How did music go from jazz and singers like Frank Sinatra to mumble rap?

9096 how did music go from jazz and singers like frank sinatra to mumble rap

Music is a form of art that has been around for centuries. It has evolved over time and has been influenced by various cultures, trends, and technologies. The evolution of music can be traced back to the early days of jazz and the emergence of singers like Frank Sinatra.

Jazz was born in New Orleans in the late 19th century and quickly spread to other parts of the United States. It was heavily influenced by African American music, including blues and ragtime. Jazz music is characterized by its improvisation and syncopated rhythms. It quickly gained popularity among young people in the 1920s and became the soundtrack of the “Roaring Twenties.”

In the 1940s and 1950s, singers like Frank Sinatra, Dean Martin, and Sammy Davis Jr. dominated the music scene. Their music was known as the “Great American Songbook” and featured ballads and up-tempo swing numbers. These songs often had complex arrangements and were performed by orchestras. Sinatra’s voice and charisma made him a cultural icon and helped to popularize the music.

In the 1960s and 1970s, rock and roll emerged as a dominant force in popular music. This music was characterized by its loud guitars, driving rhythms, and rebellious attitude. The Beatles, the Rolling Stones, and Led Zeppelin were some of the most popular bands of this era. The rise of rock and roll coincided with social and political upheaval, and the music became a symbol of youth culture and counterculture.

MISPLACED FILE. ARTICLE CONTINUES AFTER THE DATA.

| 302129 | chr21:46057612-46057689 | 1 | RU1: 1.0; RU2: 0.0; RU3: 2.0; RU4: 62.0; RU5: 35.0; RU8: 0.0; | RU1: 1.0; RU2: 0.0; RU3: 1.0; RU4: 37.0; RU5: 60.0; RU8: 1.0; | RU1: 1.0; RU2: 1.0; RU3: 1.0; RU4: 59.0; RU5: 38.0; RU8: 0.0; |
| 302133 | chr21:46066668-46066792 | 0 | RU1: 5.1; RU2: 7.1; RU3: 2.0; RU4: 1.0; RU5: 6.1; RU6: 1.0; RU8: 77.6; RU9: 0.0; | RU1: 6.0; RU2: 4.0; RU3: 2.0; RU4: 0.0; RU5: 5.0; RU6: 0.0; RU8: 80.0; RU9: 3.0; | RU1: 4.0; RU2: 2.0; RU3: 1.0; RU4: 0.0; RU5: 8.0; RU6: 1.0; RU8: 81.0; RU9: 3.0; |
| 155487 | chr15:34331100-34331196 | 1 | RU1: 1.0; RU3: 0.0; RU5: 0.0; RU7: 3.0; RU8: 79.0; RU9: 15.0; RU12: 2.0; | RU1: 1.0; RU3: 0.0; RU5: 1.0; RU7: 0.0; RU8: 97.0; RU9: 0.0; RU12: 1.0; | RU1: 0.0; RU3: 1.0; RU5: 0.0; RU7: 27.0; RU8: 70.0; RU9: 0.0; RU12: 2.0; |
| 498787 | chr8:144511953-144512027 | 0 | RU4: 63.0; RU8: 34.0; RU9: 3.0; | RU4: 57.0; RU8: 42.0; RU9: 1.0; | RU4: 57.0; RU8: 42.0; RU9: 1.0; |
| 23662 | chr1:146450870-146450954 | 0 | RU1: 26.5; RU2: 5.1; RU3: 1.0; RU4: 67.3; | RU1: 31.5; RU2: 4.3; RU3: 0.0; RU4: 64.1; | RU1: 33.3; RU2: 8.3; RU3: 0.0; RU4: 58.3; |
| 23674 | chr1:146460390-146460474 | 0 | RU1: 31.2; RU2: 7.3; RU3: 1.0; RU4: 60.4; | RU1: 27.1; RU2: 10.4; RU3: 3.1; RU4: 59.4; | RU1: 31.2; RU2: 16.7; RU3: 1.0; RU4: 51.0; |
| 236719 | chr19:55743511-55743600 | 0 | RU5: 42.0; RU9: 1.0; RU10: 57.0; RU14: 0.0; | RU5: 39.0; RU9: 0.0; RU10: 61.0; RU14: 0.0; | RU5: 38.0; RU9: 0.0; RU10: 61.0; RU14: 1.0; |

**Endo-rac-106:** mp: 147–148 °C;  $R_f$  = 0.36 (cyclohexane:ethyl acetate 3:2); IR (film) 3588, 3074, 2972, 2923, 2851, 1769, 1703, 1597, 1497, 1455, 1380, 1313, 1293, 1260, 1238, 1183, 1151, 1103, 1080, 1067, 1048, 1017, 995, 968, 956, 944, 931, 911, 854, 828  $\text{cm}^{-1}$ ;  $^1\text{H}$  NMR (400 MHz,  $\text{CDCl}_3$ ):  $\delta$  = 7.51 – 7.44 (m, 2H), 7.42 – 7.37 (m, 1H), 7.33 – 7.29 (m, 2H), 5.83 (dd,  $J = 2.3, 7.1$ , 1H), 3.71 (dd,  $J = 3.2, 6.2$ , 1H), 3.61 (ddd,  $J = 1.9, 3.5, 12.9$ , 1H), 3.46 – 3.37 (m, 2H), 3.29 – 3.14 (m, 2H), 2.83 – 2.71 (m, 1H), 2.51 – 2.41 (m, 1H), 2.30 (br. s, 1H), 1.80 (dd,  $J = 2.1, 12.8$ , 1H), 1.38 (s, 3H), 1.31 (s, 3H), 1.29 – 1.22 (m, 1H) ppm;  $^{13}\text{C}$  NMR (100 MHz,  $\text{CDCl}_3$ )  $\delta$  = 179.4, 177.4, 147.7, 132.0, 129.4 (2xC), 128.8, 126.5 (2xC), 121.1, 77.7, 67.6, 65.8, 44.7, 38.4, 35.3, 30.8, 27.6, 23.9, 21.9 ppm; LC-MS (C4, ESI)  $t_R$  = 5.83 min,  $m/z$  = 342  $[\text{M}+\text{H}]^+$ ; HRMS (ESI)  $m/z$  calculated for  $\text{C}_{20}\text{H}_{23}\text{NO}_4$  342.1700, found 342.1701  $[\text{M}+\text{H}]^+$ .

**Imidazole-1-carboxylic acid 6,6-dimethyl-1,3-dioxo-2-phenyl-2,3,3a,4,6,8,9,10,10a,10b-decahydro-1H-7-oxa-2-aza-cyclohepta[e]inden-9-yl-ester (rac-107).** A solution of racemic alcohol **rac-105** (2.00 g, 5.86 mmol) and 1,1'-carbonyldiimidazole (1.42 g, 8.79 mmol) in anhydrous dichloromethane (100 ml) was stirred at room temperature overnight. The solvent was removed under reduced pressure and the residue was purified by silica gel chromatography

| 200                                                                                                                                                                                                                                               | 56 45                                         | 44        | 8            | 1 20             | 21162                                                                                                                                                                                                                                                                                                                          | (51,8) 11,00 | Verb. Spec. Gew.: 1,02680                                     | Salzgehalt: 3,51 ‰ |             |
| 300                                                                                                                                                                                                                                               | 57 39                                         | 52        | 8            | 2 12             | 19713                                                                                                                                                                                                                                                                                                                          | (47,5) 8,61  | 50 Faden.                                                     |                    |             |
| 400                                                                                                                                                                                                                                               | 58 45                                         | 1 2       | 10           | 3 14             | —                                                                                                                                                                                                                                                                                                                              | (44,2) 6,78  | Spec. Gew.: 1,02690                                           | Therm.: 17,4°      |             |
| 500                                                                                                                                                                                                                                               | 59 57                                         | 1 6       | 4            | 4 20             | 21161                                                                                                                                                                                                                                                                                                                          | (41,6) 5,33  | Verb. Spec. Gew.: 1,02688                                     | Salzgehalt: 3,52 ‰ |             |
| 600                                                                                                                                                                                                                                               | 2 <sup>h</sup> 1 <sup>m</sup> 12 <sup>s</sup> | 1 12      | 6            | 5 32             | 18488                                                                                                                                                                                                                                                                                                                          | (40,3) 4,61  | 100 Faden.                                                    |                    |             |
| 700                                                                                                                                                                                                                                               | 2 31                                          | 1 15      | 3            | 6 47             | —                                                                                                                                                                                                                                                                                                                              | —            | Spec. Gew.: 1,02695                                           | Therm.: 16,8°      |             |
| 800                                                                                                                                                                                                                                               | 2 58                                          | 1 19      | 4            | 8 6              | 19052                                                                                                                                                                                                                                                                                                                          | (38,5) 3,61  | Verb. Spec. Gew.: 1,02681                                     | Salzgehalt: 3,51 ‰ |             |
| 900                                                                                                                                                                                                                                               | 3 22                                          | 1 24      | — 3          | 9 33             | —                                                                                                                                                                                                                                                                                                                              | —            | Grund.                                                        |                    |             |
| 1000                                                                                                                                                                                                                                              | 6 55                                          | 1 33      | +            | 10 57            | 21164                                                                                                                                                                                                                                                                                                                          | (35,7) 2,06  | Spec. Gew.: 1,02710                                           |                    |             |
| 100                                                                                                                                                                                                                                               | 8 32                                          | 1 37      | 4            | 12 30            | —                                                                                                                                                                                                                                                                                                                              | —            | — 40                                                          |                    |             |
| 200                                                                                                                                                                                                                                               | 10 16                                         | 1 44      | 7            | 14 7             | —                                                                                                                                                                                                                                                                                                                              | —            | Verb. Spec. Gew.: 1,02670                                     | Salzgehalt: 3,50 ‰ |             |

In the 1980s, electronic music and hip hop began to gain popularity. Hip hop originated in African American and Latino communities in the Bronx in the 1970s. It was characterized by its use of turntables, drum machines, and samples from other songs. The music often featured rapping, which was a form of rhythmic speech. Hip hop quickly spread to other parts of the United States and became a global phenomenon.

In the 2010s, a new genre of music emerged known as mumble rap. Mumble rap is characterized by its sparse beats, repetitive lyrics, and the use of auto-tune. The lyrics are often difficult to understand, and the delivery is often slurred. Mumble rap has been criticized for its lack of lyrical depth and the emphasis on style over substance.

The shift from jazz and singers like Frank Sinatra to mumble rap can be attributed to several factors. One of the most significant factors is the emergence of new technologies, such as digital audio workstations and social media. These technologies have made it easier for artists to produce and distribute their music independently.

Another factor is the changing tastes of young people. Mumble rap has been embraced by younger generations who value style and authenticity over technical proficiency. The music reflects the experiences and perspectives of a new generation of artists who grew up in a different cultural context than their predecessors.

In conclusion, the evolution of music from jazz and singers like Frank Sinatra to mumble rap is a reflection of the changing cultural landscape and the emergence of new technologies. While some may lament the loss of the “Great American Songbook,” it is important to recognize that music is an art form that is constantly evolving and adapting to new realities.